His jumping has also improved rapidly. As a novice, he did two triples (Salchow and toe loop), and learned both of them before he got his double Axel. Last season, he set to work diligently – his work ethic is legendary – and got all of the triples down pat, except for the triple Axel.

Sadovsky was primed for the Canadian championships last year, but just before the event, he felt a bit of pain in his right foot. He told Wainman that he couldn’t do the flip and the Lutz, because it hurt to tap in for take-off from the right foot. “He’s quite tough,” Wainman said. “He was still landing the jumps.”

Concerned about the pain, Wainman sent him for tests. On the day that the MRI test results came, Sadovsky had landed a triple-triple combo and a triple flip – even though he’d been suffering from a stress fracture on a growth plate near his toe. Still, Wainman could see that there was something wrong, and had put a rush on the tests. Wainman was the one who had to tell him that he could not compete at the Canadian championships. “It was a tough thing for me,” she says. “But he wasn’t surprised.”

Continued stress on the plate could have affected the growth of his foot – and the rest of his life. “He understood,” Wainman says. Still, Sadovsky would come to the rink – which at the time was just beside the public school he attended – and stretch, as if preparing for ice time. Then he’d walk away wistfully. He did watch the Canadian championships, but skipped the junior men’s event. Too tough. He focused on the senior men – his future.

Still, Sadovsky continued doing Pilates and swam (he was a competitive swimmer) to keep fit so that when he came back, it wasn’t so hard. He was off the ice for a month and slowly regained his jumps.

Sadovsky started skating when he was five years old, but just to learn to skate, he says. “I really wanted to play hockey. My coach said I had to give figure skating a try. I didn’t like the option that I had.”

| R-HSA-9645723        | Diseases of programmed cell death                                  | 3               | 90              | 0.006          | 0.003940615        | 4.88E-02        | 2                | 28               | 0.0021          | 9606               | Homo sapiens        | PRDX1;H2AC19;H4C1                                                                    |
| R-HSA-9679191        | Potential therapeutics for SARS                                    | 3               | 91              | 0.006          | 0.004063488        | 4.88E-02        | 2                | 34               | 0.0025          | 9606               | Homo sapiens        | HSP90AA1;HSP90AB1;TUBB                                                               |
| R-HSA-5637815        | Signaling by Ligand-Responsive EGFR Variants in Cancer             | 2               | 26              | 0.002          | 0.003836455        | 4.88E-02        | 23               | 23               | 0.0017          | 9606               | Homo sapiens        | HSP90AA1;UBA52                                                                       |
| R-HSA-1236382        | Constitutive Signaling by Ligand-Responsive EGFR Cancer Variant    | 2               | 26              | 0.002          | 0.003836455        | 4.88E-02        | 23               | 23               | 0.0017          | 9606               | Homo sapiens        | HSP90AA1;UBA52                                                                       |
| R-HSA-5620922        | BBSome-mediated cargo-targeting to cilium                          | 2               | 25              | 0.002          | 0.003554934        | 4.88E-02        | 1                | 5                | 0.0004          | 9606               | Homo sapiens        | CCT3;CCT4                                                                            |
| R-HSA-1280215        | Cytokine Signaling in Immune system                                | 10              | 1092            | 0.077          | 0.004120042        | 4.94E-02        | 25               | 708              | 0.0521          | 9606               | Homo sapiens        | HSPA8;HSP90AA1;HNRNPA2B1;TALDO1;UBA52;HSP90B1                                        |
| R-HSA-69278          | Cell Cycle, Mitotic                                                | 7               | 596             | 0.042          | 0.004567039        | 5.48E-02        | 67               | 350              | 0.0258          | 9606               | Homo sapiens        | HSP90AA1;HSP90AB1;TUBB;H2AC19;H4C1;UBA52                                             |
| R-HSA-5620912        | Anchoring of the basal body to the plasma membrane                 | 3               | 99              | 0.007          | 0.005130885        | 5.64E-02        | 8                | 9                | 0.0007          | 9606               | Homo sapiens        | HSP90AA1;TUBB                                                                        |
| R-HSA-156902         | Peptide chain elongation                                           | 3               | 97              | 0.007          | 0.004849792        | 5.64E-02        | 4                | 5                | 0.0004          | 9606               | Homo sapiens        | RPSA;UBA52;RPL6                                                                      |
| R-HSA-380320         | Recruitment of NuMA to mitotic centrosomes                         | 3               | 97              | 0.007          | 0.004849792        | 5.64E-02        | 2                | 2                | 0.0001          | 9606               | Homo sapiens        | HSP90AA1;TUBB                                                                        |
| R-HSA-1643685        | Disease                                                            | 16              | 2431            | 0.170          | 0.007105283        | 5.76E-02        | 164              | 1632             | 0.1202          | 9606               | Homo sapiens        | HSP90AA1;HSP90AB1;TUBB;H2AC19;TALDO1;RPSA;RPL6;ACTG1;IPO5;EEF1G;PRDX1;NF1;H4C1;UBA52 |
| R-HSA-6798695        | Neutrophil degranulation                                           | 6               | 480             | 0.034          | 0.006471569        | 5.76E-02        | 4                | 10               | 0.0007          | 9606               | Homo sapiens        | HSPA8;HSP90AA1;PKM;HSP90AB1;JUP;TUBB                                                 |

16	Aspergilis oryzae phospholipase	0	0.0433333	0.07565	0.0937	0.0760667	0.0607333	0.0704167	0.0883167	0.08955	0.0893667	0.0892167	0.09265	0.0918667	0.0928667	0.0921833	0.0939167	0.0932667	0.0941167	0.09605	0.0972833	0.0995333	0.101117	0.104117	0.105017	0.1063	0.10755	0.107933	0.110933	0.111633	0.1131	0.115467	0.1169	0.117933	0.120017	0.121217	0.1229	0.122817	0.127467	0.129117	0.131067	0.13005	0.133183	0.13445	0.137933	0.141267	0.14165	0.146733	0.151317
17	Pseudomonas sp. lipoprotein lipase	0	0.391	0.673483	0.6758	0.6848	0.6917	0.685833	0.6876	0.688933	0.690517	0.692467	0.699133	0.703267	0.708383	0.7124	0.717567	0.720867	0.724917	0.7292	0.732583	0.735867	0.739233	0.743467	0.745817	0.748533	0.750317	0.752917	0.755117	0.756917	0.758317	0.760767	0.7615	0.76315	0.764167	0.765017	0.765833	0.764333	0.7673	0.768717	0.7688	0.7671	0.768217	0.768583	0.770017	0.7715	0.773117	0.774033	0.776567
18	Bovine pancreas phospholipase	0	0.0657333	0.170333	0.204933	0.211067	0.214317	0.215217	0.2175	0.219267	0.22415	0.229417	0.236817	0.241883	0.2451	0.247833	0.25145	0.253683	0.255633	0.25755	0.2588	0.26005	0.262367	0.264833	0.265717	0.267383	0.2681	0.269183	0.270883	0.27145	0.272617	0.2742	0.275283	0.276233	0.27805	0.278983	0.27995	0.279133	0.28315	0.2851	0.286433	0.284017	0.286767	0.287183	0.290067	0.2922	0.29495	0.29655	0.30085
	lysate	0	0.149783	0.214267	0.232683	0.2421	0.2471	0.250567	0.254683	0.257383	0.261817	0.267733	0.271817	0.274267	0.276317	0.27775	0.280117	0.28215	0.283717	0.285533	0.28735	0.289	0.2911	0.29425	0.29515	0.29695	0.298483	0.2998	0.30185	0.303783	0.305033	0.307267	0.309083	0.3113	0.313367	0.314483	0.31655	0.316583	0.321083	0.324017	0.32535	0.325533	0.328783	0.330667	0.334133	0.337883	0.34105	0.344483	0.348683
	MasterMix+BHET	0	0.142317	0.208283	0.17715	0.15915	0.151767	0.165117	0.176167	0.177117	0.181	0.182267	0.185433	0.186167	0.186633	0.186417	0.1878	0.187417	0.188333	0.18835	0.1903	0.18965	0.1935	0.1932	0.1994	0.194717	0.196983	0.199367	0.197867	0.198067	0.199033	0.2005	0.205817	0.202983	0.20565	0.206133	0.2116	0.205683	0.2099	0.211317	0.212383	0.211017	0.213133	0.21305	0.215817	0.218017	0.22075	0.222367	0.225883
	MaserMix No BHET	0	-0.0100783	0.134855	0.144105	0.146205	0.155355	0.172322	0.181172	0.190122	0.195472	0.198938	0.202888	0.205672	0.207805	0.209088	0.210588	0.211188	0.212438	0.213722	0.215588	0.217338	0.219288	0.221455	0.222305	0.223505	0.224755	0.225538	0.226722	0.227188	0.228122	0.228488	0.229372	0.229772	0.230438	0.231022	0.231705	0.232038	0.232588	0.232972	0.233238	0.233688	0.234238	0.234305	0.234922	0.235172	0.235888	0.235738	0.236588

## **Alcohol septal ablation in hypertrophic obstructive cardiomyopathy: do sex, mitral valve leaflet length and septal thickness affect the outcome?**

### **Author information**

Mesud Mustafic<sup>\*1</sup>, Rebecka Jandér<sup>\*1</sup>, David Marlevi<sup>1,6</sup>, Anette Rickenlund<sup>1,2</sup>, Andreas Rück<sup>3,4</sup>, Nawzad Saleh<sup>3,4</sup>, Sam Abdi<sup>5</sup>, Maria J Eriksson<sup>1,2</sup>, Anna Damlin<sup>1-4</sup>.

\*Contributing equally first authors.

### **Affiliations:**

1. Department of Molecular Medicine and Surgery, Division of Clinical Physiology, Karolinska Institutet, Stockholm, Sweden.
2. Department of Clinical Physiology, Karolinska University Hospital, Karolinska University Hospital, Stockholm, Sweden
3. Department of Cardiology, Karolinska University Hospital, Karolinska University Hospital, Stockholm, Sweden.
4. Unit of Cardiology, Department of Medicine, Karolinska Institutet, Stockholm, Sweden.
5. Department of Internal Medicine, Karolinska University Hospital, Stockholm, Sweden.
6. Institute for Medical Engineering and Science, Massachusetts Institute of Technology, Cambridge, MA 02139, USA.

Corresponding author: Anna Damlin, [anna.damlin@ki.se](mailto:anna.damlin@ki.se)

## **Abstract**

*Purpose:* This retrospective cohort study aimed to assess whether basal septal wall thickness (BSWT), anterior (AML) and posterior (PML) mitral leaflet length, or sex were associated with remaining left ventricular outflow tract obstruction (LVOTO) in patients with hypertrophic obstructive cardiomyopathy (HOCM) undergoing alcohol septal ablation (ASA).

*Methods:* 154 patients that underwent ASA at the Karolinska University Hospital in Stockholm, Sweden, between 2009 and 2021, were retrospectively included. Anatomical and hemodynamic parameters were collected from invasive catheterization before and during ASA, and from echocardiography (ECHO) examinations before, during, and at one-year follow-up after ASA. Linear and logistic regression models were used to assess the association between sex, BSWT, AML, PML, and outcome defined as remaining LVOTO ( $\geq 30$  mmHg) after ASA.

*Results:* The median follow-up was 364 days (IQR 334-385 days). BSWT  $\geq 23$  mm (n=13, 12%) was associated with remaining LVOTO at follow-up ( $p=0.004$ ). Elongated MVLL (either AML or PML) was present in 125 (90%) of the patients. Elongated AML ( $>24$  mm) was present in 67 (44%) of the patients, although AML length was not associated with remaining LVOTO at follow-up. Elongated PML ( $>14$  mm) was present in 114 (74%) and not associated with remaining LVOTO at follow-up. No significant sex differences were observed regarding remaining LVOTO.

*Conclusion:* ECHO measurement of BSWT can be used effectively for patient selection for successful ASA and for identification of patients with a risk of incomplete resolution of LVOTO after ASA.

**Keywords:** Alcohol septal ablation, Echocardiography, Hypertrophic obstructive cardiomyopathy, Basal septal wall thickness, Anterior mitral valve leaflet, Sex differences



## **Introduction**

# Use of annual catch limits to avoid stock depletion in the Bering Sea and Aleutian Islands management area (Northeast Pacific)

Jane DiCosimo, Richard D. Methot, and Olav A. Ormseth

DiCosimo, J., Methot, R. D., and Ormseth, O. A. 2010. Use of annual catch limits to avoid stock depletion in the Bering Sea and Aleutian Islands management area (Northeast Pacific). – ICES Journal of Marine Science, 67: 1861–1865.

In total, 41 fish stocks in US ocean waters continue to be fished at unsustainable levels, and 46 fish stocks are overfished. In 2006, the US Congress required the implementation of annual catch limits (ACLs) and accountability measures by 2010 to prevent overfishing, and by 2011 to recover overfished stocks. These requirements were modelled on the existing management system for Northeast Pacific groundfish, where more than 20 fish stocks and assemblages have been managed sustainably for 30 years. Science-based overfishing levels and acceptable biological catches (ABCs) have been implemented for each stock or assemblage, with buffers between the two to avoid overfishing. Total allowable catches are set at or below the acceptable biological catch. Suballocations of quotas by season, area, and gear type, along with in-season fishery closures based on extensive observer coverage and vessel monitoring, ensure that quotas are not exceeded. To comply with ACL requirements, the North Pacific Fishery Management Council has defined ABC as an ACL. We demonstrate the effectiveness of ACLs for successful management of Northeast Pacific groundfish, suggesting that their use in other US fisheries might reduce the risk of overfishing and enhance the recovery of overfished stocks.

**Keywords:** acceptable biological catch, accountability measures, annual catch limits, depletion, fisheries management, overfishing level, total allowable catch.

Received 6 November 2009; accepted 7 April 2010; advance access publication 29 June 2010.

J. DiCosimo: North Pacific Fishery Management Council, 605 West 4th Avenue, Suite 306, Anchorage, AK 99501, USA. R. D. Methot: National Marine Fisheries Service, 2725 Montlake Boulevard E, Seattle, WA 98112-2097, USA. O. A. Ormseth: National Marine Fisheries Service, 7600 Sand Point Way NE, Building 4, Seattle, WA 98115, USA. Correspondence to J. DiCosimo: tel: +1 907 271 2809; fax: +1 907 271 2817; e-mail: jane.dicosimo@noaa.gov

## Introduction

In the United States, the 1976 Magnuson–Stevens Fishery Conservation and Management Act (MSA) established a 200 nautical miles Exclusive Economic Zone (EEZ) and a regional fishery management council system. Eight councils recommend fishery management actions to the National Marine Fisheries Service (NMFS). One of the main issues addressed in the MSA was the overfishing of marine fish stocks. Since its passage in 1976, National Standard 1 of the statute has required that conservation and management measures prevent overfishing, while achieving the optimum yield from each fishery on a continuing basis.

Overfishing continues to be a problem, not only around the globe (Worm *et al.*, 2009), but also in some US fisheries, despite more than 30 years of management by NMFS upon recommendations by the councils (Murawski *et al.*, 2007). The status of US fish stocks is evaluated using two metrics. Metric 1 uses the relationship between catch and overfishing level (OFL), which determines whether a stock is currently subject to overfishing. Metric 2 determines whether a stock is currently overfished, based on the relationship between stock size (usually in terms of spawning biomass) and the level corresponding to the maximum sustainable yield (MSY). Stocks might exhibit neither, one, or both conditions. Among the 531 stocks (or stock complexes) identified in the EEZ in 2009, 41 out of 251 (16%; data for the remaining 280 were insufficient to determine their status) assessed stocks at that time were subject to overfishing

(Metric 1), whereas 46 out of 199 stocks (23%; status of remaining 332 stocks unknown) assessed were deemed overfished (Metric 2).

He wanted to be a goalie, stopping shots, going for the save. His first pair of skates were hockey skates.

He came to Wainman when he was eight and very tiny, she recalls. He was always very disciplined, she found. She’d give him little projects to do and he’d return, showing improvement. “Obviously, he’s going to learn faster that way,” she says.

Grzegorz Filipowski, a 1980 world bronze medalist, admits that it is fun being Sadovsky’s choreographer. “He’s not shy at all,” Filipowski says.  “He looks good in any kind of movement and he’s really willing to try things.” Wainman says he takes 30 minutes of ballet a day – and he wants to, something unusual for his age.

“You get a sense that he’s the kind of guy who knows what he wants,” Filipowski says. “He’s still a kid but whenever he’s on the ice, he’s definitely a guy with a plan. He’s a smart guy. He knows his math. He knows the system in and out.”

And his spins? Filipowski is his spin coach. He doesn’t get many lessons, Filipowski says. The secret to success in doing good spins? Practice. Practice.

It’s taken a lot of work,” Sadovsky says. “I learned to do the spins with lots of effort.”

Sadovsky has already started his season, with a fifth-place finish against seniors at Skate Detroit in late July. He finished behind Californian Grant Hochstein, who landed a quad-triple in his short program, and Canadian bronze (senior) medalist Andrei Rogozine. But with 190.54 points, he finished only three-hundredths of a point behind seasoned Canadian veteran Jeremy Ten, and well ahead of 15-year-old Nam Nguyen, who moved into senior competition two years ago.  And now Sadovsky is on the scene. It all bodes well for the future of men’s skating in Canada.

Beverley Smith